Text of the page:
We are now well into the fall semester, and the past month has been busy with the influx of students and faculty returning to campus. I want to commend all of you for your hard work and dedication in ensuring a smooth start to the new school year. The beginning of the semester is a critical time for us, as thousands of new devices connect to the network and we need to be extra vigilant

In this month’s newsletter, you’ll find updates on some of our major projects, and we will look at chapter three of The Human Side of Postmortems.

Cognitive Biases

Most of us like to see ourselves as rational, analytical thinkers. Years of behavioral science have taught us that human brains actually have two modes of thinking: System 1 thinking is fast, and leaps to conclusions based on years of experience and pattern recognition. System 2 thinking is slower, not automatic, and requires more effort. System 1 is more energy efficient, so the brain tends to rely on it more frequently. Another thing we know is that the more stress you are under, the more you will rely on System 1.

System 1 thinking can be very useful. However, it is also subject to being misled by any number of cognitive biases. These biases are typically ways that our brains systematically deviate from thinking of decision-making that would be considered purely “rational”. They are hard-wired into our brains—we have to deliberately choose System 2 thinking in order to avoid these mental blindspots. Here are a few that are very common in our day-to-day work:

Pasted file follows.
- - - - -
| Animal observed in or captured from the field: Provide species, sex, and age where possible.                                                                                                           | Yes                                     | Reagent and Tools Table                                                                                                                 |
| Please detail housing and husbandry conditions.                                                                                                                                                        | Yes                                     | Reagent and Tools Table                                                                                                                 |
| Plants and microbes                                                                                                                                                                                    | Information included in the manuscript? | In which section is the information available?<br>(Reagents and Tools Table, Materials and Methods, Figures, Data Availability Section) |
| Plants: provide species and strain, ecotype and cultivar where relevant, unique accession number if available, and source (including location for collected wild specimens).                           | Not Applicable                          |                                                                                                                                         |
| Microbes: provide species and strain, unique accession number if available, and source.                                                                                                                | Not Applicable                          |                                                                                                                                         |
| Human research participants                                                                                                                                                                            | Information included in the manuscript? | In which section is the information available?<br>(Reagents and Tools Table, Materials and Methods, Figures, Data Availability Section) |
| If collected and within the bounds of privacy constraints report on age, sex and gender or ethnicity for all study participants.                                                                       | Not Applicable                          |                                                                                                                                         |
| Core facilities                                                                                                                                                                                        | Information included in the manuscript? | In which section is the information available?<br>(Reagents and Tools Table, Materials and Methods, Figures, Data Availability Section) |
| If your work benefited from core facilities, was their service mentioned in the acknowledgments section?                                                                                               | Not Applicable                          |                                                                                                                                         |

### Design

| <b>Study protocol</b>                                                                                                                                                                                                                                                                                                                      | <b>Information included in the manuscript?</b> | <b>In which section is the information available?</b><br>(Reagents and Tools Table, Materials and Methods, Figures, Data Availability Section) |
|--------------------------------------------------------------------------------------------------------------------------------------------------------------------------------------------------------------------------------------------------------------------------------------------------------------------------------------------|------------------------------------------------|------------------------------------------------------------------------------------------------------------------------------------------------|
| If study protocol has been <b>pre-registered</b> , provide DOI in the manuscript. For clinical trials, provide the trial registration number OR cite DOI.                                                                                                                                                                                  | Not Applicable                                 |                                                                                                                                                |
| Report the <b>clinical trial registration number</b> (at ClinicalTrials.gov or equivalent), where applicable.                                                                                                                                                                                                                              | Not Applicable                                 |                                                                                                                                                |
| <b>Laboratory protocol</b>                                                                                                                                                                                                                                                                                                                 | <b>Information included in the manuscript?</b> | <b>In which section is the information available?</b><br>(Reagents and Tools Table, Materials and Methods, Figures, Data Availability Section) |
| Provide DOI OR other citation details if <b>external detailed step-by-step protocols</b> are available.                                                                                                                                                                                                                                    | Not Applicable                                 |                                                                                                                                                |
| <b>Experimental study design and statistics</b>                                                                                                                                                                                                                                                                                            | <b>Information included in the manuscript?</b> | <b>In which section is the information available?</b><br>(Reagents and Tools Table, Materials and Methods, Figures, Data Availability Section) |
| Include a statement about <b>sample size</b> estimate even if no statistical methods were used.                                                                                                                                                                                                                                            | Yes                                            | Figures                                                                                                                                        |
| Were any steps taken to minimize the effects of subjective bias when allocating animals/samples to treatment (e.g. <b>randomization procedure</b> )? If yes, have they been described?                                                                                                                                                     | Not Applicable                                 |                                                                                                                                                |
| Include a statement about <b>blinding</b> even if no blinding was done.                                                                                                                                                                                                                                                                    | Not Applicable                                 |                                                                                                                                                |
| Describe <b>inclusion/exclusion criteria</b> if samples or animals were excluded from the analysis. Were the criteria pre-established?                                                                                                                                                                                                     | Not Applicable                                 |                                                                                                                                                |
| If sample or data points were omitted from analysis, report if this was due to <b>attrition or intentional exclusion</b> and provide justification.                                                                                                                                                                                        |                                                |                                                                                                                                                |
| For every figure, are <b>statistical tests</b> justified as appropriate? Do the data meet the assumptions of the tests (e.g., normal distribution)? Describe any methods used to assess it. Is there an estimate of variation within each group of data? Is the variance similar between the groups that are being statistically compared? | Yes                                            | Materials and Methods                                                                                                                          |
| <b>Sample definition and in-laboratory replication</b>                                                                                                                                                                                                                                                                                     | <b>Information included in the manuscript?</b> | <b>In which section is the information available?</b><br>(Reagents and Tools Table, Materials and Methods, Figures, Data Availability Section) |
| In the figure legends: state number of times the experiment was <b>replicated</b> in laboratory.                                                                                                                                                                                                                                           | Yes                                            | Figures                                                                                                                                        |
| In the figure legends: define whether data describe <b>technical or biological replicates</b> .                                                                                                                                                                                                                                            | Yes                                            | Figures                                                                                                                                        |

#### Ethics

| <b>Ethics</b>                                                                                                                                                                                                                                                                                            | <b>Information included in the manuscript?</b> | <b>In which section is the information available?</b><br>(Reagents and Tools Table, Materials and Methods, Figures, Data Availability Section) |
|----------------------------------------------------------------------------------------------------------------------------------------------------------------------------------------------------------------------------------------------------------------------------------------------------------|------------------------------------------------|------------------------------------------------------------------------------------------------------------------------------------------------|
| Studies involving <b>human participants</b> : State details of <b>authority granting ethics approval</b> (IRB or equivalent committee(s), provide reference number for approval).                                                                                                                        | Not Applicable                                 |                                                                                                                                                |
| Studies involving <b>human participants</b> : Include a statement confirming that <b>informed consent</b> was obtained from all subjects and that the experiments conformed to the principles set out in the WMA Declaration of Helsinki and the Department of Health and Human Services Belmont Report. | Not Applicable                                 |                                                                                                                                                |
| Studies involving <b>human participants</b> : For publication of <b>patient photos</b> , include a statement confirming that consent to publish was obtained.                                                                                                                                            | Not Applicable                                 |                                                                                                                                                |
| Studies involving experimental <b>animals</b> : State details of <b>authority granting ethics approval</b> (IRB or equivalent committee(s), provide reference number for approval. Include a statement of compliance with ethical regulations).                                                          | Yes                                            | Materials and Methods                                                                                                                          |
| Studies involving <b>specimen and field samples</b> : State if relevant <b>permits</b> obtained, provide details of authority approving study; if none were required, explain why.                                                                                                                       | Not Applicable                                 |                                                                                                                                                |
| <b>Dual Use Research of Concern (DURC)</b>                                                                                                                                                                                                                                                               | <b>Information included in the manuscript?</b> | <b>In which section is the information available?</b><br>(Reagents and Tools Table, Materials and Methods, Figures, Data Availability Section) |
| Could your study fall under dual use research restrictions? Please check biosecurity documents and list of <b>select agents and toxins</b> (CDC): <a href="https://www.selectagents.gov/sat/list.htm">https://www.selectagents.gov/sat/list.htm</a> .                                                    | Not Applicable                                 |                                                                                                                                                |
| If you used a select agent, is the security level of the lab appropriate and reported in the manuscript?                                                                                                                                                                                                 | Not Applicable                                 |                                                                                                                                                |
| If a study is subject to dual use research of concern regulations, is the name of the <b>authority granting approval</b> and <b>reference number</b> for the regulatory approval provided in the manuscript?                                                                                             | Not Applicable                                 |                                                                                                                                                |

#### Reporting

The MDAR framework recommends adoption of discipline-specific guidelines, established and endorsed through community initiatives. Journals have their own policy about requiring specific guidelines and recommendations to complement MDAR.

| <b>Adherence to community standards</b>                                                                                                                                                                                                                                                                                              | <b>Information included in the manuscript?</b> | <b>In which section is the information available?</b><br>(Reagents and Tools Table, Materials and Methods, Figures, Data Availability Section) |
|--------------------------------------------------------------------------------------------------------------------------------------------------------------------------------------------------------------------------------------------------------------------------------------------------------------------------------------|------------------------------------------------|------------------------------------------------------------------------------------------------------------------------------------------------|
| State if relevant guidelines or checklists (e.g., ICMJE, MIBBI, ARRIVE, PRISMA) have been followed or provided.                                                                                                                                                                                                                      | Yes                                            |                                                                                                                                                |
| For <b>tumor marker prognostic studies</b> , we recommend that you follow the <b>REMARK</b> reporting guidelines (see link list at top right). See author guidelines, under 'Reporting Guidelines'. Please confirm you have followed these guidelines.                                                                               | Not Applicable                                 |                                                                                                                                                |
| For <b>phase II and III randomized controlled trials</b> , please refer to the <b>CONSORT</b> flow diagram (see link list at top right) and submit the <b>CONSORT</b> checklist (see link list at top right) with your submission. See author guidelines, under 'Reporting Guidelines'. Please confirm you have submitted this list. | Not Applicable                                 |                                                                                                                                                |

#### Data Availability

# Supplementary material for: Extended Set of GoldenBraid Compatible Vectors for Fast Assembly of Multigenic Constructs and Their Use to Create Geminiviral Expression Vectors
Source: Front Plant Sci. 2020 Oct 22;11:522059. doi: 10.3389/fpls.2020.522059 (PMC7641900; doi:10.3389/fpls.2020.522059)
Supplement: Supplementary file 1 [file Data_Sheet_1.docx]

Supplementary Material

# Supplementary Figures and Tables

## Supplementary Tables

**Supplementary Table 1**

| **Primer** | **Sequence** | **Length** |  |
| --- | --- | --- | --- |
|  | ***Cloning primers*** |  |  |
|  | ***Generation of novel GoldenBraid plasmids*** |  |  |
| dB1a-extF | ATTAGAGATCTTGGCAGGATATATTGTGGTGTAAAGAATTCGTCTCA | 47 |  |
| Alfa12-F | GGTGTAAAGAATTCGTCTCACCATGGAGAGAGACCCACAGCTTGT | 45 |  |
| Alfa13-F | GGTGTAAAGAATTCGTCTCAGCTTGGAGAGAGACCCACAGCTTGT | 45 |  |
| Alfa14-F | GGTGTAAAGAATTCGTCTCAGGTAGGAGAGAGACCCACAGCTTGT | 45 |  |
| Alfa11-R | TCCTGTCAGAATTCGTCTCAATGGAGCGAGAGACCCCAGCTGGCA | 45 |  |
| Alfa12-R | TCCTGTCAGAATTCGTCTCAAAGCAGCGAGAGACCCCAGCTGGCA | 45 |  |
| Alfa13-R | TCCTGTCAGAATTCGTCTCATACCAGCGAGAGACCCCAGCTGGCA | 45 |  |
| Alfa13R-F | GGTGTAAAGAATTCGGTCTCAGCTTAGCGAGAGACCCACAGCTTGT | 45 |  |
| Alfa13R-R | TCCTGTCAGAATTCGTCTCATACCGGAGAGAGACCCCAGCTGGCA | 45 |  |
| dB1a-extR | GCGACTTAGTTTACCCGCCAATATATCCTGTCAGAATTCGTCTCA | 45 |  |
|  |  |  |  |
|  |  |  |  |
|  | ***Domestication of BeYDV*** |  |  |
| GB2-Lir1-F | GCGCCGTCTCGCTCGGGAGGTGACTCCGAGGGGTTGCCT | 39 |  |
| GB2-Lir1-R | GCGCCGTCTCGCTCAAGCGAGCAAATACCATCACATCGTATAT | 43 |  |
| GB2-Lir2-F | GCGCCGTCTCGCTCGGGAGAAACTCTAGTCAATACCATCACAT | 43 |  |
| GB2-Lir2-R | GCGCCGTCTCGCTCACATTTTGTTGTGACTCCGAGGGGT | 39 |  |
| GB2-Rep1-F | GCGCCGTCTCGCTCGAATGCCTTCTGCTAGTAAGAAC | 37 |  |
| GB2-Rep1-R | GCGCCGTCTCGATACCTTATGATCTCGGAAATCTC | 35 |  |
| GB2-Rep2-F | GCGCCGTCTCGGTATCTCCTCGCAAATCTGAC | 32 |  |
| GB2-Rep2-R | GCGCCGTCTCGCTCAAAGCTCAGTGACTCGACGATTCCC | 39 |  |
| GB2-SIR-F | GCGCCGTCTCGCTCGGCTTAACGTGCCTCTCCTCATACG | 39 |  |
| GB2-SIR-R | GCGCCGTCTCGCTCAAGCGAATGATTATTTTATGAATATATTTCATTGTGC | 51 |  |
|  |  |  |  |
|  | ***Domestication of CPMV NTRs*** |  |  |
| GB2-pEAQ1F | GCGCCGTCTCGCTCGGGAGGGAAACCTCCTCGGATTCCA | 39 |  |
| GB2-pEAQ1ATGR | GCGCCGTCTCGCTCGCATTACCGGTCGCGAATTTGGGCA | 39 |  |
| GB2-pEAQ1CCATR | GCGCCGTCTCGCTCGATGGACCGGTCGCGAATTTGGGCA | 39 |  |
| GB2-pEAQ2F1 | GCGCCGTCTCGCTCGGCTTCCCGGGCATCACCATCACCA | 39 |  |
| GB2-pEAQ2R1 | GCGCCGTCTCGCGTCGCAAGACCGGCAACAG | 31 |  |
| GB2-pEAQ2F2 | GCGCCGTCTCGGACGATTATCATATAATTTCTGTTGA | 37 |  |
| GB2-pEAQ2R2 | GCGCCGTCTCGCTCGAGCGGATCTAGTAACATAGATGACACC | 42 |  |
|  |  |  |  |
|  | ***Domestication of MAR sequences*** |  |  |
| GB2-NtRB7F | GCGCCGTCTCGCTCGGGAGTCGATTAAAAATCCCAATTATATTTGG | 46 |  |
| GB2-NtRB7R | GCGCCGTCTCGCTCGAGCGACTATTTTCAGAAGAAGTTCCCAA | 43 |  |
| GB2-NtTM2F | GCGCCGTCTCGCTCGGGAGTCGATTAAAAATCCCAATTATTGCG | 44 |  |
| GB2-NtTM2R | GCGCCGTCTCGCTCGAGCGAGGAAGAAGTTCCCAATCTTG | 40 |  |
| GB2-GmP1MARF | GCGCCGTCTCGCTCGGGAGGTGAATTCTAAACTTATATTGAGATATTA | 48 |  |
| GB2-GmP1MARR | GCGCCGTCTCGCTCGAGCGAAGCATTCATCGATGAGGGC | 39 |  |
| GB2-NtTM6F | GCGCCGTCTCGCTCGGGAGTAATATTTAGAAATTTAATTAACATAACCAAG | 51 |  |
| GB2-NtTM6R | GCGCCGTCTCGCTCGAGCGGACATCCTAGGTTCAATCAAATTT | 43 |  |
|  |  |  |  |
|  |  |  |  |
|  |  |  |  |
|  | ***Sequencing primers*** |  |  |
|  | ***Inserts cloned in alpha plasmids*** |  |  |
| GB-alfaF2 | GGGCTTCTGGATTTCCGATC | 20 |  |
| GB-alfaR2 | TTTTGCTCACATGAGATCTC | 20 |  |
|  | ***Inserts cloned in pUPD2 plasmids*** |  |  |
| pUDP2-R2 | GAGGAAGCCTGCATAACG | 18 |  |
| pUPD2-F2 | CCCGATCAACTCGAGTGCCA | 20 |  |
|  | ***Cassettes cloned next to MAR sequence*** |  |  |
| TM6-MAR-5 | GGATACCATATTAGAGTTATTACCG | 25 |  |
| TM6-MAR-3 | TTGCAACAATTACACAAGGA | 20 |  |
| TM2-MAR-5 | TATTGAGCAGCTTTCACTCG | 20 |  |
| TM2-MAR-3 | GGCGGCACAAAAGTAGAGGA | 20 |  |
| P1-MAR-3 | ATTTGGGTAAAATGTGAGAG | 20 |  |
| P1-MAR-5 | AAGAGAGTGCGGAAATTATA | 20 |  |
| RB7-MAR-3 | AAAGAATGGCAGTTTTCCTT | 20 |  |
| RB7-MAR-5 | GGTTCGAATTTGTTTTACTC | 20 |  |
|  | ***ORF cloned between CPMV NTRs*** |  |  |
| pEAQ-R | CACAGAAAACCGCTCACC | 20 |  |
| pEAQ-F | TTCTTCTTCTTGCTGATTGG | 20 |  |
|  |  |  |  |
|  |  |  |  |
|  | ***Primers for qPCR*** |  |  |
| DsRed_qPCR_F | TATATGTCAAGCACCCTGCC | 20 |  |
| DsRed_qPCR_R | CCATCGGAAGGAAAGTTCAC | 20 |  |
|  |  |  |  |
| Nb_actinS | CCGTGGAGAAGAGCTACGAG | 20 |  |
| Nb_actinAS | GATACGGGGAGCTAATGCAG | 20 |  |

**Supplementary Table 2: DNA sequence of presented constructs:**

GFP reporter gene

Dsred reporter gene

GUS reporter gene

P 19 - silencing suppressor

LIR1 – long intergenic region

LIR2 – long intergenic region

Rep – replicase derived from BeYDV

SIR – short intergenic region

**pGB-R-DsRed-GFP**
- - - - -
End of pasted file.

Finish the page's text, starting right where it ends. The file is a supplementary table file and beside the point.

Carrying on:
Confirmation bias refers to our tendency to seek out and favor information that confirms our existing beliefs or assumptions. In IT, confirmation bias can lead us to miss potential problems or overlook simpler solutions because we focus on proving our initial hypothesis rather than thoroughly investigating other possibilities. Being aware of confirmation bias can help us be more objective when troubleshooting issues or evaluating new technologies.

Hindsight bias causes us to see past events as more predictable than they really were at the time they occurred. In IT, hindsight bias may tempt us to think that a failure or security breach that has happened was preventable or obvious. However, we have to remember that decisions in the moment are made with imperfect information. Rather than dwelling on what we "should have known," we can focus our energy on learning from the past to improve future outcomes.

Escalation of commitment (aka, sunk cost fallacy) describes our tendency to continue investing time, money, or other resources into something simply because we've already put significant resources into it. In IT projects, it's important to evaluate projects based on future potential rather than past expenditures. If a product or technology is no longer worth sustaining, we shouldn't let prior effort or investment prevent us from making a change. It's better to cut our losses and redirect those resources to more promising solutions.